In your monitor you need... whatever you think you need. For me, I want the whole band, but I just really need the drums and main voice (for song structure). If you sing, you'll need a harmony reference (guitar, keys...).
     
    veebass and BurnOut like this.
  14. MYLOWFREQ

    MYLOWFREQ Supporting Member

    May 13, 2011
    New York
    I do sound at a place where we have 6 - 8 bands a night. There's 15 min in between the bands and no time for a sound check. The owners don't want bands to do a sound check either since there's people at the bar. The only band that gets a sound check is the first band if they arrive early enough.

    I tell the bands politely to set up and break down asap in order to respect other bands, and listen to me carefully as we have limited time. When I'm checking a mic or an instrument, I ask them if it is loud enough or not in the monitors, and during the first song they cue me according to what they want more or less and that works fine. You're going to get used to it. If you are using effects, make sure you get the levels of your individual effects right. I've seen many bass players disappear when they hit a certain pedal.

    The fact that the sound guy didn't know which monitor is which is a shame. It might be because the musician's switched the monitors on stage without letting the engineer know? I don't know but either way you just got unlucky that time I guess.
     
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  15. Most of the festivals I do these days have lots of advance prep in line.
    like a couple months before the date, I send an input list, stage plot, monitor list.
    Then, about a week before the date, I will usually send the same documents to the stage manager.
    On the day of show, I will have several printouts of these documents, with the band name & stage time written in GIANT letters & numbers with a sharpie. I will give a copy to the driver, to the stage manager, FOH folks, and the monitor mixer.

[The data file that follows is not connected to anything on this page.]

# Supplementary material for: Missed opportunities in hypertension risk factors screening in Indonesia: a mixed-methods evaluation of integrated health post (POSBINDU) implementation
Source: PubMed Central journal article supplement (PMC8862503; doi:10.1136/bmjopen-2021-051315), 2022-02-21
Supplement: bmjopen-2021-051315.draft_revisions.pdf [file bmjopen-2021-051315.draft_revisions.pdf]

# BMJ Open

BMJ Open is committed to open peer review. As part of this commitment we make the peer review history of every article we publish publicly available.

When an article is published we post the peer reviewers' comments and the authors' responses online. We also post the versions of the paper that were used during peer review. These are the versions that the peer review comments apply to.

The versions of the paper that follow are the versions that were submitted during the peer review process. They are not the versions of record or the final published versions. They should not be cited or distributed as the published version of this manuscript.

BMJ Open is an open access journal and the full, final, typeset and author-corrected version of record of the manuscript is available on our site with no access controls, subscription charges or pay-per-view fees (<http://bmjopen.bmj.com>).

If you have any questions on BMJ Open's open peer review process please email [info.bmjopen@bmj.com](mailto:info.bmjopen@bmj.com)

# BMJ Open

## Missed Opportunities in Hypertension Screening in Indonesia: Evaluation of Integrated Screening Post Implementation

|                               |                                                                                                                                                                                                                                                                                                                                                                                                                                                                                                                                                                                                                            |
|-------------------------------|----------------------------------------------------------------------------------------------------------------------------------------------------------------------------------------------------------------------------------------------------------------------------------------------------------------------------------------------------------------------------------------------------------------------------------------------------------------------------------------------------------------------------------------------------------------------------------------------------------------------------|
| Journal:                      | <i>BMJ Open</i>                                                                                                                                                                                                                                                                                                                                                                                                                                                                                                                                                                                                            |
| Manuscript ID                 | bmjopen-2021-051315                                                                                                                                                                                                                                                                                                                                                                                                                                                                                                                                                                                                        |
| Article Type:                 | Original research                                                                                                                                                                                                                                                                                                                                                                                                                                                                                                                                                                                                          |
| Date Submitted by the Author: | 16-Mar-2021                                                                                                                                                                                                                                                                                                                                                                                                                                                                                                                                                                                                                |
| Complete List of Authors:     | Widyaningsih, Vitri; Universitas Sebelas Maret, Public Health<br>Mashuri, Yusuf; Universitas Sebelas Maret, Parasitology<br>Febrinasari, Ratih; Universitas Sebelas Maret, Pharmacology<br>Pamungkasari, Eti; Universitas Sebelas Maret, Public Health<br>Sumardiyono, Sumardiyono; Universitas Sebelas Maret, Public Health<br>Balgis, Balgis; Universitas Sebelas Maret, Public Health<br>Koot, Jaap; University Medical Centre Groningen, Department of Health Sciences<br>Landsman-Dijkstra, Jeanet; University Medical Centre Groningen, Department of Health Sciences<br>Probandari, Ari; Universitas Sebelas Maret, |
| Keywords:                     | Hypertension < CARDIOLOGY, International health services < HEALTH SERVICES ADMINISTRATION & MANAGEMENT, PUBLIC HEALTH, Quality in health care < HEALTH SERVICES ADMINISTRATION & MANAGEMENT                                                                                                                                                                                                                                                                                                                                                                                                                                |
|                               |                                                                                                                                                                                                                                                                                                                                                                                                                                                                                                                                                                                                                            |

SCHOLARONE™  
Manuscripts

They are all usually glad to have the paper.
    And as long as they are a good crew, it usually gets sorted out by the 2nd or 3rd song, but we blast off with as much gusto as we can to get make up for any balancing that may occur in the beginning of the set.
     
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  16. Callused Finger

    Callused Finger

    Feb 22, 2007
    New York
    I always expect them to do it on the fly. If it's anymore than that I'm delighted.
     
    BurnOut likes this.
  17. BurnOut

    BurnOut It's The Billy Baloney Show Supporting Member

    Feb 1, 2015
    The Natti
    We are doing a Battle of the Bands Thursday (yes I know, wasn't my idea). We get a half hour of our best material. We're on first I think this will be ran a little better as they do it every week. Still makes me nervous about the sound right out of the gate. I hold no high hopes, just wanna do a good job.
     
  18. CHECK-Keh, CHECK-Keh, A-ONE, A-TWO, A-ONE-TWO, TAP TAP TAP :D
     
  19. BurnOut

    BurnOut It's The Billy Baloney Show Supporting Member

    Feb 1, 2015
    The Natti
    This was a bunch of people donating their time. They had an enormous quality PA. My guitar player is involved in NA/AA thing, they asked and since it didn't involve us dragging out all our stuff, we accepted. We were supposed to get a board recording of the performance, that fell by the wayside.
    If this was a big public event I guess it would have been more professional. In the end it was a private get together/fund raiser for an AA chapter. We were one small part of a bigger event that some people dedicated to the cause donated their time to.
     
  20. cultrvultr

    cultrvultr Supporting Member

    Jun 16, 2008
    Oakland, California
    you can try what I've always heard referred to as "British sound check" for the times when you've got no soundcheck - start off with a song that has a drum intro, then bring in the bass, then add other instruments until you've got the full mix sorted out.

    The other thing I've done is to always start sets with the same short easy song. A little repetitive, but it will be so familiar that it will highlight any issues right away.